In parts one and two of this series, we've discussed the terminology around what makes a project successful, because without a common understanding of what success is, we cannot cooperatively achieve it. We've also covered two primary aspects that affect project success: the project's problem space (what it's trying to do) and the project's community (who uses what it's trying to do).
However, the problem space and the community are not the software project. One can discuss classification as a problem domain for weeks on end, but the problem of classification is not the same as a library to actually perform the classification. The problem space is "how to get from point A to point B." The project is "a Honda Accord."
The project itself
It's time to stop talking about the problem of transportation and who might need it, and start talking about what provides the transportation. Most of these aspects are fairly trivial (and obvious) but they still affect project success, and a project that makes deliberate decisions will be likely to be more successful than one that does not.
First off, how easy is the project to actually use? It might be entirely appropriate for the problem, perfectly accurate in its results, and have dedicated and talented maintainers, but if the user base can't figure out how to use the project appropriately, it's not going to be very successful. A successful software project will work hard to lower the barrier to entry for new and existing users.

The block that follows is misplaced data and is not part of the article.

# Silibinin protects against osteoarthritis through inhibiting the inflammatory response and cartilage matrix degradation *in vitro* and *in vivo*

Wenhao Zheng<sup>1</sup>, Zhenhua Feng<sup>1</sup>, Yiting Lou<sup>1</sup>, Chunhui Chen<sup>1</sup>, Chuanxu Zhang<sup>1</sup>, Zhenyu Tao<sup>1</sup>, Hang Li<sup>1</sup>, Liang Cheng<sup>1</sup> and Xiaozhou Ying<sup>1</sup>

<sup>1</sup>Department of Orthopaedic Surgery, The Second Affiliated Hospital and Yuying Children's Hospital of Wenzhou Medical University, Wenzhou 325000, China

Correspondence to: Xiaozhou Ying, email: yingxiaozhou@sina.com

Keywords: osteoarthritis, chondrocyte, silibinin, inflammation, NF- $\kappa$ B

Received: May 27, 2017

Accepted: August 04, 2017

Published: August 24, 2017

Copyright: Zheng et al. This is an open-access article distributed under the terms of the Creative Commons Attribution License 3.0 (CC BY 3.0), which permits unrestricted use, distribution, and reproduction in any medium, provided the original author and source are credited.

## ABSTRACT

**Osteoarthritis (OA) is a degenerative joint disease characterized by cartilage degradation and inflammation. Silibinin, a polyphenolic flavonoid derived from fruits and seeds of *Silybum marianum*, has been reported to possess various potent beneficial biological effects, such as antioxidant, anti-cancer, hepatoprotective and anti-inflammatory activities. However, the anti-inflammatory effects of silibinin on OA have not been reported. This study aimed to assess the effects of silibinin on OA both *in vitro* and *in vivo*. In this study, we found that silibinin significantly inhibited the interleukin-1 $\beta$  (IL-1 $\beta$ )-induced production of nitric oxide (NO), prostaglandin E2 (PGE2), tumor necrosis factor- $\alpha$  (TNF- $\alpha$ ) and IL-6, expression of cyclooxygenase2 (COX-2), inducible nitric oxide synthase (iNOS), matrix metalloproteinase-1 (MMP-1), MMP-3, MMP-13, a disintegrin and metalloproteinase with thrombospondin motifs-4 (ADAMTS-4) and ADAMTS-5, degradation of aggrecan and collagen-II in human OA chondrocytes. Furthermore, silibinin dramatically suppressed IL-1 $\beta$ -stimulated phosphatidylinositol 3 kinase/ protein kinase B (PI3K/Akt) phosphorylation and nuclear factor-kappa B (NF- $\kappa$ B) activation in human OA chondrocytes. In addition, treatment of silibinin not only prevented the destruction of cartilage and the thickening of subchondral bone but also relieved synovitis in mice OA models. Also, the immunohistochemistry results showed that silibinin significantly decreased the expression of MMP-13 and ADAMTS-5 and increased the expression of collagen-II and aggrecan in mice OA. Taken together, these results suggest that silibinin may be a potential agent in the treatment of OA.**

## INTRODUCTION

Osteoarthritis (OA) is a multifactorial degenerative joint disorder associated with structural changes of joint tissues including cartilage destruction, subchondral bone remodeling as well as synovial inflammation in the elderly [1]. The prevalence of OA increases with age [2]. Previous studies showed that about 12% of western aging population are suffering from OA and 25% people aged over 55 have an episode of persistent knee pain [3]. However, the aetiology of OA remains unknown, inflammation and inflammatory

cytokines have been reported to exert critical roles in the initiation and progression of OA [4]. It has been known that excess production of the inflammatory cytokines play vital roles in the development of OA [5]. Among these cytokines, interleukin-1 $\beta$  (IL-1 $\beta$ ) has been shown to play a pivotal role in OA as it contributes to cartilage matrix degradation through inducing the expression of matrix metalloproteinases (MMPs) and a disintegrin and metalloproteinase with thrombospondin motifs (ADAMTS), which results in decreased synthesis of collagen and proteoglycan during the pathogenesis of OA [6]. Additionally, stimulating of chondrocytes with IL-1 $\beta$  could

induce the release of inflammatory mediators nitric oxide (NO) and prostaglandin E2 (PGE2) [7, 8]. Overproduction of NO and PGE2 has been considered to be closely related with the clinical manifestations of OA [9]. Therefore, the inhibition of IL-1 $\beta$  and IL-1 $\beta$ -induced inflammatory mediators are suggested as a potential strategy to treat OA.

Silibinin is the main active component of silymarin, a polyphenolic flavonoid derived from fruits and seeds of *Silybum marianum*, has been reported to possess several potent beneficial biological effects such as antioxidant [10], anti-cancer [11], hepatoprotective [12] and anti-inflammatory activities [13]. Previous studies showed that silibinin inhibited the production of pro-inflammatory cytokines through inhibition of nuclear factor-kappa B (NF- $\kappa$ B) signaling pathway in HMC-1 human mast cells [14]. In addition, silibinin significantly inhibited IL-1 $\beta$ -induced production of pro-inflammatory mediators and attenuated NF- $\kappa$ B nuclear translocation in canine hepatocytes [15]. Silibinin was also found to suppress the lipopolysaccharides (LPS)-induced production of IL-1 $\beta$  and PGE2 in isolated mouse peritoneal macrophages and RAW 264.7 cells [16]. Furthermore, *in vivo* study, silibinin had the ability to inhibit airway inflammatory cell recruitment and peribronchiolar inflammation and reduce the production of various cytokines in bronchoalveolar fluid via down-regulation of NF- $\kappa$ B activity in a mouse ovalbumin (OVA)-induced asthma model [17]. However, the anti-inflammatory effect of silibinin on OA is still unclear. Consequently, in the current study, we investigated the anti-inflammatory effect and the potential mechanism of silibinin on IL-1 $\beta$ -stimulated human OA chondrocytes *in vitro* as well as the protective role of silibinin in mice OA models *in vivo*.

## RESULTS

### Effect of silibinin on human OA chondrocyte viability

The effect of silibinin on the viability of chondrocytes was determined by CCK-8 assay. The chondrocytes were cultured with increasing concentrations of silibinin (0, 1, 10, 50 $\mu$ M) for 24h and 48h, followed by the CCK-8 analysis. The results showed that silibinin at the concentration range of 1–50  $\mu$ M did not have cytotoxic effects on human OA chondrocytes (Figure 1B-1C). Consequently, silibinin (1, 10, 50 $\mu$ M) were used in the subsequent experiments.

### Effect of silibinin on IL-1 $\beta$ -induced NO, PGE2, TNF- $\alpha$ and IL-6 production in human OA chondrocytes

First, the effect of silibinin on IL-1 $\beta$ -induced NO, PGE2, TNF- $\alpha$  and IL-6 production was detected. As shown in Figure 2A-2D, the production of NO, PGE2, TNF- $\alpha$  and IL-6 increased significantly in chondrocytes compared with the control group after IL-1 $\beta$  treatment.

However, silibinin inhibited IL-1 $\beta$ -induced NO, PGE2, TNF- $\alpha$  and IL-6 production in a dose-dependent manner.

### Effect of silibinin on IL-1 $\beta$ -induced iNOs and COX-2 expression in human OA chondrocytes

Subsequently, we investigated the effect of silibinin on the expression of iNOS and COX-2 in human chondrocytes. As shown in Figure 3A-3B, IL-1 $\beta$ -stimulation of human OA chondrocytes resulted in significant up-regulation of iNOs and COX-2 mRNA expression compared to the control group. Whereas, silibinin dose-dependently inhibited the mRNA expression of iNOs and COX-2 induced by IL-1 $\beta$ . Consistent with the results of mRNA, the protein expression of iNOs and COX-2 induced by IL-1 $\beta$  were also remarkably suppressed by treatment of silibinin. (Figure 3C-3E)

Classification, as a computational problem, has been mentioned already. One difficulty with classification is that while it's something that's understood in a general sense, every actual application that needs classification has a unique requirement for a classification library. As a result, classification libraries tend to be either too general -- and therefore impenetrable for newcomers -- or far too specific for reuse. This is an example where the barrier to entry is rather high.
On the other hand, you have a library like Spring -- which makes dependency injection trivial to use in an application. This is an example of a low barrier to entry. There are good reasons Spring is so well-known -- and this is one of them.
One of the things that help lower the barrier to entry is obvious: documentation. Documentation has to be written clearly and well, with the right balance of readability and detail, to push project success along.
Clear documentation is difficult to produce; many projects offer little detail, with the maintainers feeling that usage is obvious, while others offer far too much information, obscuring the forest with trees. While there are very successful projects that serve as examples of both concerns with documentation, projects that strike a good balance here will have a greater chance of success.
Source language (and artifact language) also factors in, in most cases, if only because it brings an association with the language's community and imports the language's mindset, the zeitgeist.
It also affects who thinks they can use a given project. A developer whose application is written in C isn't going to look to a Java library first; a Java coder won't normally look at a C library, or a Scheme library, early in the development process, even if a project written in a different language happens to be done perfectly for the problem at hand.